First off, it’s near physically impossible to take an appetizing-looking photo of a cabbage roll, so I apologize. Second, I normally make these in the slow cooker and this time chose to make them in the oven, a method I’m not entirely sure I prefer. But, caveats aside, they’re a delicious alternative to meat-filled cabbage rolls, and if you’re averse to the whole cabbage-roll thing (which I completely understand; when I first encountered them a few years ago, I thought they were the most disgusting thing I’d ever seen, but have since grown to appreciate and even love them), the filling on its own makes a great salad or side dish.
As below it makes 4 servings (on average, depending on how many useable leaves you get from your cabbage). Recipe adapted from Cooking Light.
• 1 head cabbage, cored (try to get one that doesn’t look gnarled or misshapen; it’ll have more usable leaves): $1
• 1 cup dry whole grains: farro, barley, oat groats, and rye berries all work (I used a combination of farro and rye berries): 55 cents
• 1/2 cup currants: 60 cents
• 2 T pine nuts, toasted: $1.30
• 3-6 oz. feta (however much comes in one package): $2.20
• 1 large onion, chopped: 25 cents
• 2 T oil: 6 cents
• 1 28 oz. can crushed tomatoes: $1.40
• 1 T cider vinegar: 5 cents
• 2 T chopped parsley (garden): $0
• 1/2 cup apple juice or cider (I have little packets of powdered cider I can use on demand. They last forever; look for them in the juice aisle): 20 cents
• Salt & pepper: 2 cents
TOTAL: $7.63/3 = $1.91/serving
Combine the grains with about 3 cups water and a pinch of salt in a medium saucepan. Bring to a boil, reduce to a simmer, and cook until soft but still slightly chewy, about 45 minutes.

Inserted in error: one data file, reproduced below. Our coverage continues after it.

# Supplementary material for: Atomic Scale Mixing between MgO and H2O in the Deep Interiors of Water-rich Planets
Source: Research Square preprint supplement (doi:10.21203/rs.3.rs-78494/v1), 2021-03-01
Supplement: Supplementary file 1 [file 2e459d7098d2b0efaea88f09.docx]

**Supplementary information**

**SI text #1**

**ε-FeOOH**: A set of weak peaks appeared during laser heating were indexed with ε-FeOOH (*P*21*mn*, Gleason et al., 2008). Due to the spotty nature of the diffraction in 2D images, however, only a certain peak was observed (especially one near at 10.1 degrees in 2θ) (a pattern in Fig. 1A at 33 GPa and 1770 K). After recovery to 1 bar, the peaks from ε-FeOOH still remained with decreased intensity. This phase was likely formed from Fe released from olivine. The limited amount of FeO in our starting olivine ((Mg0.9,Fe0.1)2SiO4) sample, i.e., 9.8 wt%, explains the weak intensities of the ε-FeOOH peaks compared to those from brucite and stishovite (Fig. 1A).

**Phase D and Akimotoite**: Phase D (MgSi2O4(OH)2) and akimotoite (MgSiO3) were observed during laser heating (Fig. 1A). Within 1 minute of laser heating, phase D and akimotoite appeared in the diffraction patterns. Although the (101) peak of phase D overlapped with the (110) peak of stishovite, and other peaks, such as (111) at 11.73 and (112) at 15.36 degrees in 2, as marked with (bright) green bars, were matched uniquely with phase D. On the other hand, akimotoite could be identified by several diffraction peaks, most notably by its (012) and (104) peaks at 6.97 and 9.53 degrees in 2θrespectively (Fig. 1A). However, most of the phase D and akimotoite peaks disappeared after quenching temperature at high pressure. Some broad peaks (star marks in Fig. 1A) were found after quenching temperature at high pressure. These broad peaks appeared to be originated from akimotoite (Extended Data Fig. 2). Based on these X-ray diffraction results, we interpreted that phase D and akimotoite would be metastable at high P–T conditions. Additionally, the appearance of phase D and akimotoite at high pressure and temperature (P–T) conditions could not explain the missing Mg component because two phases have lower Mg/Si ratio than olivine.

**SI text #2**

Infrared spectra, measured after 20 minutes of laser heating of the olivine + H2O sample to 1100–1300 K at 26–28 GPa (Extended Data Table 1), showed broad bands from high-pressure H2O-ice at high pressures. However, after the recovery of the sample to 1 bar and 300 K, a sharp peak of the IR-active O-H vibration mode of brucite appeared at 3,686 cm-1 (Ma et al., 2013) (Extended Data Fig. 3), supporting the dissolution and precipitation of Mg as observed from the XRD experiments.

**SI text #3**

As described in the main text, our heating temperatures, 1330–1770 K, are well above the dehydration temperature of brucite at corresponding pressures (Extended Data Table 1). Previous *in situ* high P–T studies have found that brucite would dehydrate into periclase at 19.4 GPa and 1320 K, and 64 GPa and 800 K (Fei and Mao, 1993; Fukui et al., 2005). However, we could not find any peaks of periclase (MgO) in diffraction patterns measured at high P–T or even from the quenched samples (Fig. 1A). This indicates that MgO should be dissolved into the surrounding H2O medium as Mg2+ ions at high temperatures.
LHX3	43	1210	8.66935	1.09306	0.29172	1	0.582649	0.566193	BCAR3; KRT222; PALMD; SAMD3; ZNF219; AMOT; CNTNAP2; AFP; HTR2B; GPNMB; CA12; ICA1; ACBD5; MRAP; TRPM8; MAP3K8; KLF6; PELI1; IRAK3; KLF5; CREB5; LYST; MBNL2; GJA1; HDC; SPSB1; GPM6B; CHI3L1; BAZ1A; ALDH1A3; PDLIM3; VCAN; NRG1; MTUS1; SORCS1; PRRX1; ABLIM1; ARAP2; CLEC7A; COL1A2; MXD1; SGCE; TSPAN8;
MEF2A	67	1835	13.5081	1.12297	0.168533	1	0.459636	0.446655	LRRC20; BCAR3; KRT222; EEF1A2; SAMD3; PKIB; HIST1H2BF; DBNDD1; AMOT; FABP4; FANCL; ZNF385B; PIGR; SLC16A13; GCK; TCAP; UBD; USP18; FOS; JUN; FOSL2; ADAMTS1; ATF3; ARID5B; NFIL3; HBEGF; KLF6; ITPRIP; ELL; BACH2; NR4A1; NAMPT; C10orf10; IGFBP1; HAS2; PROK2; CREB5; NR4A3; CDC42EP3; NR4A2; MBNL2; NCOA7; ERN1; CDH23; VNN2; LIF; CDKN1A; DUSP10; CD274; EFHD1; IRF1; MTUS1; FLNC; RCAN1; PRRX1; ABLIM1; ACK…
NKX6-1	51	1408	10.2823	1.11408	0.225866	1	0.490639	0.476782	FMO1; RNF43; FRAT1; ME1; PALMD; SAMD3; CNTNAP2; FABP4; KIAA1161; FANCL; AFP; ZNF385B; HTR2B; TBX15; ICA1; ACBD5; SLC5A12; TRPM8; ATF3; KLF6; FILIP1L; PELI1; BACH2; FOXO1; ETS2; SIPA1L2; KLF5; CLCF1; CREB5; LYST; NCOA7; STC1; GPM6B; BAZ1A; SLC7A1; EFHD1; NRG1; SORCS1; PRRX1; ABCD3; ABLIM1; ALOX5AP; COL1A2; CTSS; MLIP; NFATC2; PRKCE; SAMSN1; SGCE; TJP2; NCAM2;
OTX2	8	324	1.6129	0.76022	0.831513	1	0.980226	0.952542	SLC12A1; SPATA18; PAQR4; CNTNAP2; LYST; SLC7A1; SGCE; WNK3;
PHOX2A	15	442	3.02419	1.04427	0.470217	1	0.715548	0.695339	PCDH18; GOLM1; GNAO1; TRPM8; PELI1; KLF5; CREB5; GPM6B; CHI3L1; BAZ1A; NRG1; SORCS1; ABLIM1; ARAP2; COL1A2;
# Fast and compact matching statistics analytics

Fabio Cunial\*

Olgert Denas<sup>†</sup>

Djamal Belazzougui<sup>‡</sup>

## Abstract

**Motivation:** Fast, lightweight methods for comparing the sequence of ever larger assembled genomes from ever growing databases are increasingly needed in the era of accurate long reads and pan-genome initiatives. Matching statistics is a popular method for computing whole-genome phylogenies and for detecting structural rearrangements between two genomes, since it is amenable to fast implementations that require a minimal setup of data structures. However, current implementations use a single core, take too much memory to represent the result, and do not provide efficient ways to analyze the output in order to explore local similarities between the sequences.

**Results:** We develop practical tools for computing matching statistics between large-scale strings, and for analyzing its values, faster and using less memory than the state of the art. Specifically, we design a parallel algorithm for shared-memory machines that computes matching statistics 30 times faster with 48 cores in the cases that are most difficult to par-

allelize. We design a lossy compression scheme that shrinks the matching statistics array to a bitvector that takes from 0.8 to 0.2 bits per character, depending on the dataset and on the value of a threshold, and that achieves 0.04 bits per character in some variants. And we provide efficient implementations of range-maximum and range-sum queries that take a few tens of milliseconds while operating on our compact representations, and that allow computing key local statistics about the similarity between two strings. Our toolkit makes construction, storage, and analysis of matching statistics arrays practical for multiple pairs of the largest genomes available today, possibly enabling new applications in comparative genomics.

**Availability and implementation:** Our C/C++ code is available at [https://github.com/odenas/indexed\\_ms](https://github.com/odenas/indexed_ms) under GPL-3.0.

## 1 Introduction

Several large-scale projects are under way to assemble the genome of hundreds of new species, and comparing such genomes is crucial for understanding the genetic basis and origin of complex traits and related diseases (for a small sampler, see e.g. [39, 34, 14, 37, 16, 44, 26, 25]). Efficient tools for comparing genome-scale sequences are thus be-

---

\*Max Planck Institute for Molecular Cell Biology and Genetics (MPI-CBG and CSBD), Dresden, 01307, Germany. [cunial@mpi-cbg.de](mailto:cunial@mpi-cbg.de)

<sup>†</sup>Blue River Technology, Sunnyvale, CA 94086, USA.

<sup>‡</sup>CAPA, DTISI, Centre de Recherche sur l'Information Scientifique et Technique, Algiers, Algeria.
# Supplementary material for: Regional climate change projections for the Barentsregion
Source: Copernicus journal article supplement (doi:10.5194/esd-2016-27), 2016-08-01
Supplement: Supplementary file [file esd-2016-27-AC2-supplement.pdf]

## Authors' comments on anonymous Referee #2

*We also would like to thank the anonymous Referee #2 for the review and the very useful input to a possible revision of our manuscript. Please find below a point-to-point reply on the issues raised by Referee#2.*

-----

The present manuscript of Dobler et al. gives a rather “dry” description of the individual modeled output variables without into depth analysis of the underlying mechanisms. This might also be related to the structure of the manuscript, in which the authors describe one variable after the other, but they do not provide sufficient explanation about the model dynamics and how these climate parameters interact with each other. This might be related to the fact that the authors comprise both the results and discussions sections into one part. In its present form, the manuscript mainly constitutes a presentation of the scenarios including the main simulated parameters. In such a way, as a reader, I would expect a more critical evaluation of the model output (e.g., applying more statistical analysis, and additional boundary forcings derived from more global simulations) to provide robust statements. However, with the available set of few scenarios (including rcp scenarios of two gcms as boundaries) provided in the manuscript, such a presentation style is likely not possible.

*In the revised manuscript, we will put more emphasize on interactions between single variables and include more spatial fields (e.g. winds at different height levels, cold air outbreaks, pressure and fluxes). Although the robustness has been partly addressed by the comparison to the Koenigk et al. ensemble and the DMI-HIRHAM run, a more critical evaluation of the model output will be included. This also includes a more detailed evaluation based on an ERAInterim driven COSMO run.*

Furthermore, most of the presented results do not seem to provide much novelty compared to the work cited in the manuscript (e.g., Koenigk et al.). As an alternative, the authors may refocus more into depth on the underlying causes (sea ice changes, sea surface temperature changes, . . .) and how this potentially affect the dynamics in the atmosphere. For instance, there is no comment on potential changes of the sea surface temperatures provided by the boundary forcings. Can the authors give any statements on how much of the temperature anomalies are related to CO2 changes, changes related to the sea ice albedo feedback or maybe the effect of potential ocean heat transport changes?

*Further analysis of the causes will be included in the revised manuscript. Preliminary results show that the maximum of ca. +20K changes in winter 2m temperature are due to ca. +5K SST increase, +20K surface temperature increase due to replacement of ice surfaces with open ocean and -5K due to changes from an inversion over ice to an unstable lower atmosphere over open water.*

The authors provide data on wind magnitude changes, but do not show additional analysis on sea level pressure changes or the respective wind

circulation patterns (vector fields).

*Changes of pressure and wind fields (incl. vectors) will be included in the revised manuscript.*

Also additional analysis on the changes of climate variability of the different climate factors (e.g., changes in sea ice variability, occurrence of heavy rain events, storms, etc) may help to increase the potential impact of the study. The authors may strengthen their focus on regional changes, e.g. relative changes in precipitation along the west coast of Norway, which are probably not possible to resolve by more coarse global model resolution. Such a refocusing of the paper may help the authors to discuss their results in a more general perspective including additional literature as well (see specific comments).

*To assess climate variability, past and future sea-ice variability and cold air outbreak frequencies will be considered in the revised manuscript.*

Meanwhile, steam the cabbage for about 8 minutes, until leaves are pliable (I used a tall saucepot with a vegetable steamer insert.) Remove it and let it cool.
Carefully peel off each leaf and cut off the thickest part of the rib. Keep going until you have no more useable leaves. You should get around 9-12 decent ones.
Toast the pine nuts and chop the parsley, if you haven’t already. In a medium bowl, combine the crushed tomatoes with the apple cider or juice and vinegar. Season to taste.
When the grains are finished, drain them.
Heat the oil in a large sauté pan or skillet over medium heat. Add the onion and a pinch of salt. Cook until onion is translucent, about 5-6 minutes. Add the currants, parsley, pine nuts, and grains.
Remove from heat and stir in the feta. Add salt and pepper to taste.
Preheat oven to 400 F.
Place a cabbage leaf on a cutting board or clean counter. Mound about 1/3 cup filling in the center, fold in the sides of the leaf, and roll it up. Place seam side down in a 9×13 baking dish. I have no photos of this process because I freely admit it was kind of a disaster. No matter how many times I’ve done it, it largely depends on the cabbage, and this cabbage did not have good leaves for rolls. If this happens to you, feel free to just kind of curl them around the filling as best you can, as below.
Pour the tomato sauce over the cabbage rolls and bake, uncovered, until tomato sauce is bubbling, about 45 minutes. Alternately, you can stack them in a slow cooker and cook on high for 2 hours.
It may not be pretty, but then a lot of things that taste good aren’t all that decorative. It sounds good!
BTW – another approach that might work with unrollable leaves is to rebuild the cabbage, with stuffing between each layer of leaves. The drawback is that it doesn’t work well for a small quantity, though.
That’s an interesting idea! I never would’ve thought to try that.
I got it from one of Julia Child’s early cookbooks. (“From Julia Child’s Kitchen”, specifically.)
I’m a slave to my slow cooker (or is it the other way around?). I like the idea of letting it finish in there. I’m guessing I could use brown and wild rice as my grain. Currants…don’t have any of those. Is it sweetness or tartness that’s required? I could sub raisins…
A little of both…you could try golden raisins.
Try pomegranate as a substitute for currants.
Thanks! We do get pomegranate. Do I need to juice it to remove the seeds? Or seeds and all?
I’m guessing she means the whole arils, seeds and all. Flavor-wise I could see this working, but they’d break down in the slow cooker.
Mmm these flavors seem nice! I don’t yet love the meaty cabbage rolls, but I might give this a try. 🙂